I know that everyone always says to bring your kids to Mass.  Yes, even your loud, obnoxious, sometimes adorably irreverent toddlers and inconsolably screaming babies.  They are all welcome.

Putting that into practice is difficult and trying and sometimes can be overwhelming.  If you’re reading this article in your car crying outside the church where the rest of the family is calmly worshiping, you get it too. And I promise I’m praying for you.

Our experience has been unique with each of our sons, but while the older two get it, the youngest one is still figuring things out at 4 years old.  We felt like we tried everything to get him to be interested in Mass.  Praying at home, showing him the parts of the Mass in books, even bribing him with snacks, but nothing seemed to make him interested.  

One week, I was trying to just show him the beauty of the elevation, and I pointed and said “look, there is Jesus.”  He responded loudly “No, Jesus is dead!”  If that wasn’t embarrassing enough and seemingly an indictment of my ability to properly catechize my children, I have a very vivid memory of him repeating time and time again, “I don’t wanna pray, I don’t wanna pray!” All while we felt hordes of faithful and contemplative parishioners looked on in judgment.  Well, maybe many of them did.  Still some people would stop to say how great it was that we were trying and that he would get there.  But one particular person made a difference in our parish; to be blunt, she changed our lives.

An older woman who sits very close to where we typically sit every Sunday happened to be right behind us one day at Mass.  While our son was behaving in a less than saintly way, she just ever so slightly reached over and offered her hand to him.  He immediately was taken by her serene approach and saw a friendly face that he had seen countless times take a unique interest in him.  She went on to talk to us after Mass about her family, her grandchildren, and how she wished they lived closer.  Since he calmed down finally during the Eucharistic Prayer, for the first time in what seemed like an eternity, my wife and I got to earnestly pray at Mass, and we made a new friend.

The next week, we sat close to her again, and she expressed how happy she was to see our son again.  Once again, she offered her hand to him and they spent most of the Mass so calmly and peacefully praying.  After Mass, she told us all about how her husband had built a train room and she wanted to share that with our son so he could see it.  Our son was so thrilled at the prospect that he would see trains that he sat quietly all through the Mass.  Our trek to her house was short and her family was so welcoming to us.  Their hospitality was honestly some of the warmest we had ever experienced.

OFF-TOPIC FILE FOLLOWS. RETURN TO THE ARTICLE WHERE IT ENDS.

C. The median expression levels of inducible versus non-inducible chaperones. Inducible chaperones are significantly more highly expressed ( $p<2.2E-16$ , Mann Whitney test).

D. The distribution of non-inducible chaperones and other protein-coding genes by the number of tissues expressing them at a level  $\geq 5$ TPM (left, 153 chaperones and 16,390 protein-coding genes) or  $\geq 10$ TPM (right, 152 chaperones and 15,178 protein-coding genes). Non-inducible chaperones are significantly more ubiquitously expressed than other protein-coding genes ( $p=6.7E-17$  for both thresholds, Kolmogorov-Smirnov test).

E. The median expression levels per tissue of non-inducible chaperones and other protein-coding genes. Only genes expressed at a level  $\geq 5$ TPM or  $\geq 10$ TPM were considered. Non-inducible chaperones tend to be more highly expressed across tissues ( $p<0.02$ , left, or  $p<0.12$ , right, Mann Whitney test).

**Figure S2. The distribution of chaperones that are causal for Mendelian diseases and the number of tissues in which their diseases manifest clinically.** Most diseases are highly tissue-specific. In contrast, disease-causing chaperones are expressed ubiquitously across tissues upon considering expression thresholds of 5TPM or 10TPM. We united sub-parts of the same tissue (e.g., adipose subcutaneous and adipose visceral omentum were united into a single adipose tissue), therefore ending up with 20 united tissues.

The next week she brought a stuffed toy for our son and treats for all of our boys to enjoy after Mass, never expecting anything in return.  She just wanted to share how much she cares for our children with us.  Every week since then, our son is so excited to go to Mass because he gets to see his friend who has trains in her house and who gave him treats.  He loves to sit next to her with us right next to him because she made him feel loved in a different way than a parent loves a child.  

Then finally, I understood what was happening.  This woman from our parish was being Jesus to our family, and most especially, to my youngest son.  I think that sometimes we may get so caught up in the hows and whys of Church teaching when we try to be witnesses of the Gospel to others, that we might forget some of the simplest ways to touch people’s hearts.  I cannot describe to you how joyful it makes my family to know that someone in our parish, without being asked or approached, saw people struggling and offered a hand to help.  She saw an opportunity to share love and she loved.  She sees beauty in people who are broken and wants to make them whole in a beautiful grandmotherly way.  And for now, she has become an integral part of our Church family, all because she took the time and effort to be like Jesus to us.

I share this story for two reasons.  If you’re still crying in your car, know that there are people in your church who want you and your crazy kids to be there, but especially, God loves that you are trying.  Secondly, if you’re the grandmother reading this story, please know that just a small act of kindness, service, and love can have such an incredible and lasting impact on a family.  In all of the stages of our lives, God calls us to play different roles in people’s lives.  It is through prayer and discernment that we hear His call, but don’t dismiss the promptings of your heart to fulfill one of the corporal or spiritual works of mercy, or even just offer to help a juggling mother or a struggling father with their kids.  Sometimes the smallest works of charity cost nothing but mean everything.  I am so grateful for the parish community that we have been blessed to be a part of, and today, I am especially grateful for our kind and loving pew partner.  When you are given the chance today, be Jesus for someone else.